Carbon offsets are not a panacea, and will not stop climate change: but they are a way for companies and individuals who have unavoidable emissions to take that carbon back out of the atmosphere, and do some good to the world’s poorest people and most biodiverse forests while doing so.

I have visited some of these projects and talked to local communities across Peru, Uganda, and Tanzania. I have seen first-hand how they bring money and opportunities to some of the world’s poorest people, and genuinely stop the pressure on the forests. I have also been involved in the tortuous process of gaining approval for some of these projects. This involves hundreds of pages of documents, thousands of trees measured, endless questions from the project auditors, and the use of sophistic satellite datasets.

With this in mind, I was surprised to read the Guardian’s recent story claiming that over 90% of rainforest carbon credits are ineffective, so I set out to better understand the three studies behind the reporting.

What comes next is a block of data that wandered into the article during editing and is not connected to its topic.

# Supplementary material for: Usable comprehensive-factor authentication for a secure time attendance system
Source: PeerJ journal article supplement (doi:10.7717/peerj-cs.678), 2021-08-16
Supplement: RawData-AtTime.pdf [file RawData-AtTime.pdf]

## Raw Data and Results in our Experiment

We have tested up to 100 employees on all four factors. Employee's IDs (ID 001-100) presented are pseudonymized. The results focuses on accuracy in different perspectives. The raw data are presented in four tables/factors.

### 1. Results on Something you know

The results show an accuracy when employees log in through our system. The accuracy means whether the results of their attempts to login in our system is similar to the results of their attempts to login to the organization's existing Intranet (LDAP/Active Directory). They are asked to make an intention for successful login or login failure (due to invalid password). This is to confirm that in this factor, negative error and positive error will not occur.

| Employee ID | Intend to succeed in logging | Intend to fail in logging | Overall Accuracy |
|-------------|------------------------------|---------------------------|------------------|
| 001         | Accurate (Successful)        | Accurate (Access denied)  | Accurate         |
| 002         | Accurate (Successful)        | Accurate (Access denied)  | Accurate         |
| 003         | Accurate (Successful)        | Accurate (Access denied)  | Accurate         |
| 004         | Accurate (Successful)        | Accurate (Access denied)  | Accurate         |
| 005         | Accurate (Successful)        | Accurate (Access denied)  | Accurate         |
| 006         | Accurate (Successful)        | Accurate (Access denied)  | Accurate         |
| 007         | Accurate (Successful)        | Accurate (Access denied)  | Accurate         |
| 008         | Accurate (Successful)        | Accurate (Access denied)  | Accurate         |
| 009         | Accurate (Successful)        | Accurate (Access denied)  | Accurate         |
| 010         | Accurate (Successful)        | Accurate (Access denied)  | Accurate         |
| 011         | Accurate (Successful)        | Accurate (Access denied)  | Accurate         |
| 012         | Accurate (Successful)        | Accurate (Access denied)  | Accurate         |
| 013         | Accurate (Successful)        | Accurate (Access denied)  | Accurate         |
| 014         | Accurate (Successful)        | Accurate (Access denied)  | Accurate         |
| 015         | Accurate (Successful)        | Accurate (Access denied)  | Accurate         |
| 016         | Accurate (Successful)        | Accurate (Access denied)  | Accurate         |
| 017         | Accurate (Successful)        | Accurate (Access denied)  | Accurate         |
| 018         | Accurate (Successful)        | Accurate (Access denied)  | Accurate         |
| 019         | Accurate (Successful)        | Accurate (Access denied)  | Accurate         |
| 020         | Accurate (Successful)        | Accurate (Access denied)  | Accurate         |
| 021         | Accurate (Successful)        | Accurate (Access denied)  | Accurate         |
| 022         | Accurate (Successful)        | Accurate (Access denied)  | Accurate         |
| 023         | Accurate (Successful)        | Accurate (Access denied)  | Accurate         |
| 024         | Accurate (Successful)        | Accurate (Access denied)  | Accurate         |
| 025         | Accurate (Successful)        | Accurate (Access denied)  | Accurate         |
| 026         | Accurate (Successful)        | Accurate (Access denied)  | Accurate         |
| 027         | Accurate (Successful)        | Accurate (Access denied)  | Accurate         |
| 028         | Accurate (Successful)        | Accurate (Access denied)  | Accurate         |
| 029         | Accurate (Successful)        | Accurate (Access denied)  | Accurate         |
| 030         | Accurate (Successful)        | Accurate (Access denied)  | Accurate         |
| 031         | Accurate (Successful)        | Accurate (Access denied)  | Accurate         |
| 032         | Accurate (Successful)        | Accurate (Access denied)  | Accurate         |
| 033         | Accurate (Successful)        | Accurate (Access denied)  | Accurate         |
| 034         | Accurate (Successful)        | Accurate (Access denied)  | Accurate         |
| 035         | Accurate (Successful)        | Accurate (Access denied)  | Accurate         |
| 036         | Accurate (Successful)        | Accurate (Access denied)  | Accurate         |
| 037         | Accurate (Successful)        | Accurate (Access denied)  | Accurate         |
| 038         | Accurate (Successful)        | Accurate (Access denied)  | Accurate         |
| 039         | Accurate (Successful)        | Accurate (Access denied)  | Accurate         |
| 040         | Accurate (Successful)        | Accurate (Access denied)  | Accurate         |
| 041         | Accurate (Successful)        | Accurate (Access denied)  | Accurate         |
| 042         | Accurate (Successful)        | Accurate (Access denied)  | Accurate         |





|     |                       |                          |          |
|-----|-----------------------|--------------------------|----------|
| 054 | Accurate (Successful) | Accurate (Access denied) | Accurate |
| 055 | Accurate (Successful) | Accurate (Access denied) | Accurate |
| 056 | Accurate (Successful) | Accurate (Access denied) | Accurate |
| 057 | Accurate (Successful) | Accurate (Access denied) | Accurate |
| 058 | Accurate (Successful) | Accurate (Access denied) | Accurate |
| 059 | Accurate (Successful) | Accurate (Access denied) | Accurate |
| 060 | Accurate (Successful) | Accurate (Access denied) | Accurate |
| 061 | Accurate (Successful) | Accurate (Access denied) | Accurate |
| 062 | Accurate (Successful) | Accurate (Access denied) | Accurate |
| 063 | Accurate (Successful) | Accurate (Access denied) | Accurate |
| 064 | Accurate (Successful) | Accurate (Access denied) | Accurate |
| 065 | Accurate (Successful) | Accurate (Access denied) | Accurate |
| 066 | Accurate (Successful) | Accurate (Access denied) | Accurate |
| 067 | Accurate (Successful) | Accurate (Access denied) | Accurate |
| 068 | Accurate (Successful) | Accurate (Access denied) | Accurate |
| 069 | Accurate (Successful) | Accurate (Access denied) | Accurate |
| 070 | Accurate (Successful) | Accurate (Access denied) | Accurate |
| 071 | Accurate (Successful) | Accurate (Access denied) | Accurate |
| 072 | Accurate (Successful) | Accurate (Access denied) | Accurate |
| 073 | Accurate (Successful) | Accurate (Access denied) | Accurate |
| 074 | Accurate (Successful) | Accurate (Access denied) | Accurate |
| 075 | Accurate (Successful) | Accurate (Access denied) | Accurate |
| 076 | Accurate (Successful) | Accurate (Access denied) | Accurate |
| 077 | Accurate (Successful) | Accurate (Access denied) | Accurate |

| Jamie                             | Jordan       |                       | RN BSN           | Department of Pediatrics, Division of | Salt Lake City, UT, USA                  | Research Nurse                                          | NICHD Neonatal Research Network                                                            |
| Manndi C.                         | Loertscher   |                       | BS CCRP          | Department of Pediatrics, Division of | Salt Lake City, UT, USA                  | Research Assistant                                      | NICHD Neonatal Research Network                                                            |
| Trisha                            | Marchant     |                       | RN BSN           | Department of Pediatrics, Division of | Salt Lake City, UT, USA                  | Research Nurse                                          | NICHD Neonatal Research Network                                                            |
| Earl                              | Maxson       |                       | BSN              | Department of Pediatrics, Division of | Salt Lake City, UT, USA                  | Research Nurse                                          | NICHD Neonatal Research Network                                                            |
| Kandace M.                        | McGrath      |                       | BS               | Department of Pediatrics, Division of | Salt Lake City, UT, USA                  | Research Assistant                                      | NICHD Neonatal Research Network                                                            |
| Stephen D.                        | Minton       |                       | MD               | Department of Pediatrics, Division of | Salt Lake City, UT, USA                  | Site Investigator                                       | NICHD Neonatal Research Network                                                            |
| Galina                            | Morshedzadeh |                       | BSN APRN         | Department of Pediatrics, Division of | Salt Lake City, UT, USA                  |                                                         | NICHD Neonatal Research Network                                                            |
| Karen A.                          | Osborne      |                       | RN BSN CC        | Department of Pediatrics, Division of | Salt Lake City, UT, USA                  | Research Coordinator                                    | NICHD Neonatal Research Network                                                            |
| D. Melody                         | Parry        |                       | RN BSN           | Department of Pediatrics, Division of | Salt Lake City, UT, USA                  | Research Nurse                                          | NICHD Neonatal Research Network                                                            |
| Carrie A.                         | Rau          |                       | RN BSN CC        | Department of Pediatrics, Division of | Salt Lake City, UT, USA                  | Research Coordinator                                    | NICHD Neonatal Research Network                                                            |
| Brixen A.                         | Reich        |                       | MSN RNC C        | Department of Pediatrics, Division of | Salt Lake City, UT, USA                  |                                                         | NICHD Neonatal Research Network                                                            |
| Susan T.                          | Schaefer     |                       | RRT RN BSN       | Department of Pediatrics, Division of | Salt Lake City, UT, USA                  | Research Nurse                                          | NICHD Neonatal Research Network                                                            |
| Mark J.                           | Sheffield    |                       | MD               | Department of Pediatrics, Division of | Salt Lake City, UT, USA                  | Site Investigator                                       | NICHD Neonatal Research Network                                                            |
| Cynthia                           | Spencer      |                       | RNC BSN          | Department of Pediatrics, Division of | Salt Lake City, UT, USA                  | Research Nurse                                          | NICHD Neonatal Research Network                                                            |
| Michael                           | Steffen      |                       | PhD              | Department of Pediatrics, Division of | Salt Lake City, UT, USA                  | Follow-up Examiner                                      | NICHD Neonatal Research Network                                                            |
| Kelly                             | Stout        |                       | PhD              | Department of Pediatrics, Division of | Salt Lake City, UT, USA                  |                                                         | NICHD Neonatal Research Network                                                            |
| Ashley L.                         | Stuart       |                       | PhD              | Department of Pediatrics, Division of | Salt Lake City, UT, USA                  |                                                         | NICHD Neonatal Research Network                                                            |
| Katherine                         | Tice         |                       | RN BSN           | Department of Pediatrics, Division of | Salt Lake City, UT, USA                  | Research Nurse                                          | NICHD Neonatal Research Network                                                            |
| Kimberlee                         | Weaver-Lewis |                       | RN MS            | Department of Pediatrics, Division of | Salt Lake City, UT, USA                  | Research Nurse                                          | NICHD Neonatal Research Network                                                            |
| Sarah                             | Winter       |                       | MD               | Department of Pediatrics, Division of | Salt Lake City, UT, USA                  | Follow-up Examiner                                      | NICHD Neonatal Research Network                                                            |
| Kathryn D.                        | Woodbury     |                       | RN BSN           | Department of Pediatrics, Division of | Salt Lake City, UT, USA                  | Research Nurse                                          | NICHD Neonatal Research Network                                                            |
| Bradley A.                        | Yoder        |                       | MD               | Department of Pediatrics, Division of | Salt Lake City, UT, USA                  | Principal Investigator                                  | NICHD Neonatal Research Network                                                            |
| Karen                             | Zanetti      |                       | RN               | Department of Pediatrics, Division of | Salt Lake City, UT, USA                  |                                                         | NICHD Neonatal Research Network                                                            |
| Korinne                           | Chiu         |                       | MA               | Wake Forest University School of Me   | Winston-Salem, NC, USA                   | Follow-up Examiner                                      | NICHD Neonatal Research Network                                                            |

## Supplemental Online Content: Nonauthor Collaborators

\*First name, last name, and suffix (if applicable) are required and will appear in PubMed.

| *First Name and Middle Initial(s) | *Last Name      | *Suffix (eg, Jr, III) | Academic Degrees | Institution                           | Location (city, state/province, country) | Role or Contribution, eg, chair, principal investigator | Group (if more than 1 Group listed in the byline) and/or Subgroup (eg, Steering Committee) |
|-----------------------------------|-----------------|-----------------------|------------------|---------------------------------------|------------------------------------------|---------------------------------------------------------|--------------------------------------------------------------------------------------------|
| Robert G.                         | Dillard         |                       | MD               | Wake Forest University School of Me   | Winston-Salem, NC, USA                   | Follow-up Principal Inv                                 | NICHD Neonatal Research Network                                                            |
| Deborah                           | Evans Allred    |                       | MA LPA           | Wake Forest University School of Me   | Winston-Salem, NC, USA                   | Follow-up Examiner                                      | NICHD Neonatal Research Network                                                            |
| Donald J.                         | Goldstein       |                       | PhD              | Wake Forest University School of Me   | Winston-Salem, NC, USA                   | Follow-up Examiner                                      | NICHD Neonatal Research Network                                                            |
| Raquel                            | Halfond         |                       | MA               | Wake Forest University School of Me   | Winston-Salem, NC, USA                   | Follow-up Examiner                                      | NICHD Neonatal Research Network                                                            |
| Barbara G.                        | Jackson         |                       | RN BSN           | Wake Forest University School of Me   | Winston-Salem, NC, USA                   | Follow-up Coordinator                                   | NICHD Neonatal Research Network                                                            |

On first glance the studies appear rigorous: two have gone through peer review, and the third has a similar author group and methods to the others. However, my immediate thought is that they do not cover many projects. There are 104 Verra validated REDD+ projects, with many more in development, but these studies only considered 40. It’s therefore clear that scientists did not write the headline that “more than 90% of rainforest carbon credits … are worthless”, given fewer than half of the projects have been studied.

As an expert in making maps of deforestation for REDD+ projects, the next thing I went to check was what satellite data and analysis methods the authors used to map deforestation. To my disappointment, I discovered they all used pre-published, large-scale datasets reliant on NASA Landsat satellite data: the recent (non-peer reviewed) study led by Thales West used the Global Forest Change dataset (which ‘powers’ Global Forest Watch), the older Brazil-focused West study uses a Brazilian Space Agency (INPE)-derived dataset called PRODES, and the study led by Guizar-Coutiño uses a product focused on moist tropical forest produced by the EU’s JRC (used to make the figure above).